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Streetcar is Ready for Riders in Downtown Cincinnati

The Cincinnati streetcar - now known as the Cincinnati Bell Connector thanks to a $3.4 million advertising contract - is ready for its riders, and the region's most ambitious transportation project opens to the public on Friday.

Local media - including The River City News - got a preview on Tuesday, beginning with pick-up at Washington Park and then a trip that took riders the entire route, north on Walnut Street, past the library and the Aronoff Center, and then to the Banks at the riverfront, and back north to Over-the-Rhine.

The trip was well attended by local media writers and personalities, consistent with the amount of attention bestowed upon this $148 million project which has survived heavy scrutiny and two ballot measures that sought to stop it. Though the streetcar route is shorter than originally proposed, there are still plans to lengthen the tracks to Uptown near the University of Cincinnati, with others hoping to bring the project south to Newport and Covington, too.

John Deatrick, the City of Cincinnati's project manager for the streetcar, told reporters after the preview ride that the project could have been more difficult, but "a great team" kept it moving on time and on budget, in the wake of its public debut on Friday.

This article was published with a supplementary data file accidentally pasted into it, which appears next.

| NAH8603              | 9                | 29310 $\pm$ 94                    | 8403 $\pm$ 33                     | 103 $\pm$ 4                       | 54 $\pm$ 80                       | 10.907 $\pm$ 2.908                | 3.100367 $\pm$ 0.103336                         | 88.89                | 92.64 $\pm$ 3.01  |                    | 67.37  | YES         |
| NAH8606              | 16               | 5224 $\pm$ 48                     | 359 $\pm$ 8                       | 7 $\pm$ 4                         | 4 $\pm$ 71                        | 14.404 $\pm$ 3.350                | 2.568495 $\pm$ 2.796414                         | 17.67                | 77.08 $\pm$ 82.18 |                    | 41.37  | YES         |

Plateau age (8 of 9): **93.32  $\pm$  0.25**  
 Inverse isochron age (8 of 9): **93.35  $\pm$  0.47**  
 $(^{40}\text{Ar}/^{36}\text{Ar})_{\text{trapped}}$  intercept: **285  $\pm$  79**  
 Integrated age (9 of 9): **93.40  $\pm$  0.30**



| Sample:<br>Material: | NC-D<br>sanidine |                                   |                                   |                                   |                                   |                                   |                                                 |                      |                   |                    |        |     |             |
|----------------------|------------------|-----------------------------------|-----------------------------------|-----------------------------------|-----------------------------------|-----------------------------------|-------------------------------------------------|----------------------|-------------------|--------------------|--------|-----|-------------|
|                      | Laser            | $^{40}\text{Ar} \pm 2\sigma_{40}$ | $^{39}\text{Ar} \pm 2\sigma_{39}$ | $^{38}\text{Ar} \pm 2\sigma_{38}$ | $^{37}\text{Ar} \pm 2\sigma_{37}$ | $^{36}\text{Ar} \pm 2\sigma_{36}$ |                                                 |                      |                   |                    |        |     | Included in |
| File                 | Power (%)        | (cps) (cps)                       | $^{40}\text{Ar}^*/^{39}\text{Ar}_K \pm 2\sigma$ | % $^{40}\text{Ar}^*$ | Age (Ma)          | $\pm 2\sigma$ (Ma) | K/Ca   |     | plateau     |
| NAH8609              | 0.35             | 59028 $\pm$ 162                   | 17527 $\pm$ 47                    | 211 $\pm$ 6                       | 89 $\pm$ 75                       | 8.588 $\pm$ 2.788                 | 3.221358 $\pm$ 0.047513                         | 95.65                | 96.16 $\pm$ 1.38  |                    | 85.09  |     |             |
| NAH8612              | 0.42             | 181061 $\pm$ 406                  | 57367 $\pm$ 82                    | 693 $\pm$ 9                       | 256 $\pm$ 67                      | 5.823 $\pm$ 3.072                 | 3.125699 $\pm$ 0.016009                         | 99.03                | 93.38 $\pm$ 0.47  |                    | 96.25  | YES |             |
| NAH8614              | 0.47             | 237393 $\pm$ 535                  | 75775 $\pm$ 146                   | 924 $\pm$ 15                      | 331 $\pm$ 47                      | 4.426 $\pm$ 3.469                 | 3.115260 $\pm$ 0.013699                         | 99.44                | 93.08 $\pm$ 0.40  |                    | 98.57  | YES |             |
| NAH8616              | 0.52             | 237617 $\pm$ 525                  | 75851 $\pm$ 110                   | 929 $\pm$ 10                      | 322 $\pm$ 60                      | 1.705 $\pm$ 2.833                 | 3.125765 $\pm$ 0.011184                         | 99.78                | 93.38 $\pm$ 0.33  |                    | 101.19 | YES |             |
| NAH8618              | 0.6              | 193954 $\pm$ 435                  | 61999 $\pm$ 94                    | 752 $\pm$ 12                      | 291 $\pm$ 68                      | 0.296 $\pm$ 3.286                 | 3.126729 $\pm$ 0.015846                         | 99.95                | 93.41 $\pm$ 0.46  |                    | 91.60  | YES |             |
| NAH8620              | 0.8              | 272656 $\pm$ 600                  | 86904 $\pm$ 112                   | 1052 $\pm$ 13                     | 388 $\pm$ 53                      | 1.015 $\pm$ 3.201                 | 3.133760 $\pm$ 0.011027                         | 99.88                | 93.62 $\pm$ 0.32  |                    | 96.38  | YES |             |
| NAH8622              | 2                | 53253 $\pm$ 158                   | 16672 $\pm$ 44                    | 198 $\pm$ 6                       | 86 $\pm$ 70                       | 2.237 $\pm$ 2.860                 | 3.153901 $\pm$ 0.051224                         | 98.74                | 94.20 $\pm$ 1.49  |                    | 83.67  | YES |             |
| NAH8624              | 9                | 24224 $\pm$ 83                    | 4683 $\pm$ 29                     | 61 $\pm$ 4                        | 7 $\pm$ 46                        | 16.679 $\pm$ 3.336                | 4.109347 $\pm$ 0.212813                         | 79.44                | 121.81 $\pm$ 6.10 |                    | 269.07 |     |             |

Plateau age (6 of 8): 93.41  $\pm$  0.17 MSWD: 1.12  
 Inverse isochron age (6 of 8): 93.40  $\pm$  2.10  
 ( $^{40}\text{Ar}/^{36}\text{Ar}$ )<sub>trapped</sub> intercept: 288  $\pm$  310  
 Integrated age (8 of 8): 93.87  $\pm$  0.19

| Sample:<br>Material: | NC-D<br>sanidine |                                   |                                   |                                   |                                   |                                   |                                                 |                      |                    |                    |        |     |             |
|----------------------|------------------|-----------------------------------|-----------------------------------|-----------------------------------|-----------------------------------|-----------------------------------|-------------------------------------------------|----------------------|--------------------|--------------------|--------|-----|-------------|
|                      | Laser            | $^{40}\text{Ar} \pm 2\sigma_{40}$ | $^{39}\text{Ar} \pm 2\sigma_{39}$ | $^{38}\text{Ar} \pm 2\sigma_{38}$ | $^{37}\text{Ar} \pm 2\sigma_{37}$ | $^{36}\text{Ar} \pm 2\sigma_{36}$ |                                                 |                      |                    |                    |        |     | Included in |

WATCH RCN'S MICHAEL MONKS ON THE STREETCAR'S MEDIA PREVIEW:

Already, the areas around the streetcar route have become a national story in their success in revitalization. Over-the-Rhine, once declared to be among the nation's most dangerous neighborhoods, is a standard-bearer for gentrification, with hot-selling real estate, destination restaurants & bars, and trendy retail establishments. The riverfront is booming with new development, from upscale residential units, to new restaurants & bars, to large office developments to house companies like General Electric.

On the Kentucky side, activists await the opportunity to connect the River Cities to Cincinnati's upstart streetcar project. In March, Newport City Commissioner Beth Fennell and Ian Budd, chair of the Northern Kentucky Streetcar Committee, went to Washington, D.C., with some assistance from the City of Newport, to explore opportunities to connect Northern Kentucky to the tracks.

Now that the streetcar is up and running, motorists, pedestrians, and cyclists are adapting to their new neighbor on the road. There were four accidents in the weeks leading up to Tuesday's media preview, though none were particularly serious. 

The streetcar rides and feels a lot like a bus, and moves with traffic as any other vehicle. Fares will cost $1 for a two-hour pass, or $2 for an all-day pass. For more on the Cincinnati Bell Connector, check out the FAQ offered by the City of Cincinnati.

-Michael Monks, editor & publisher

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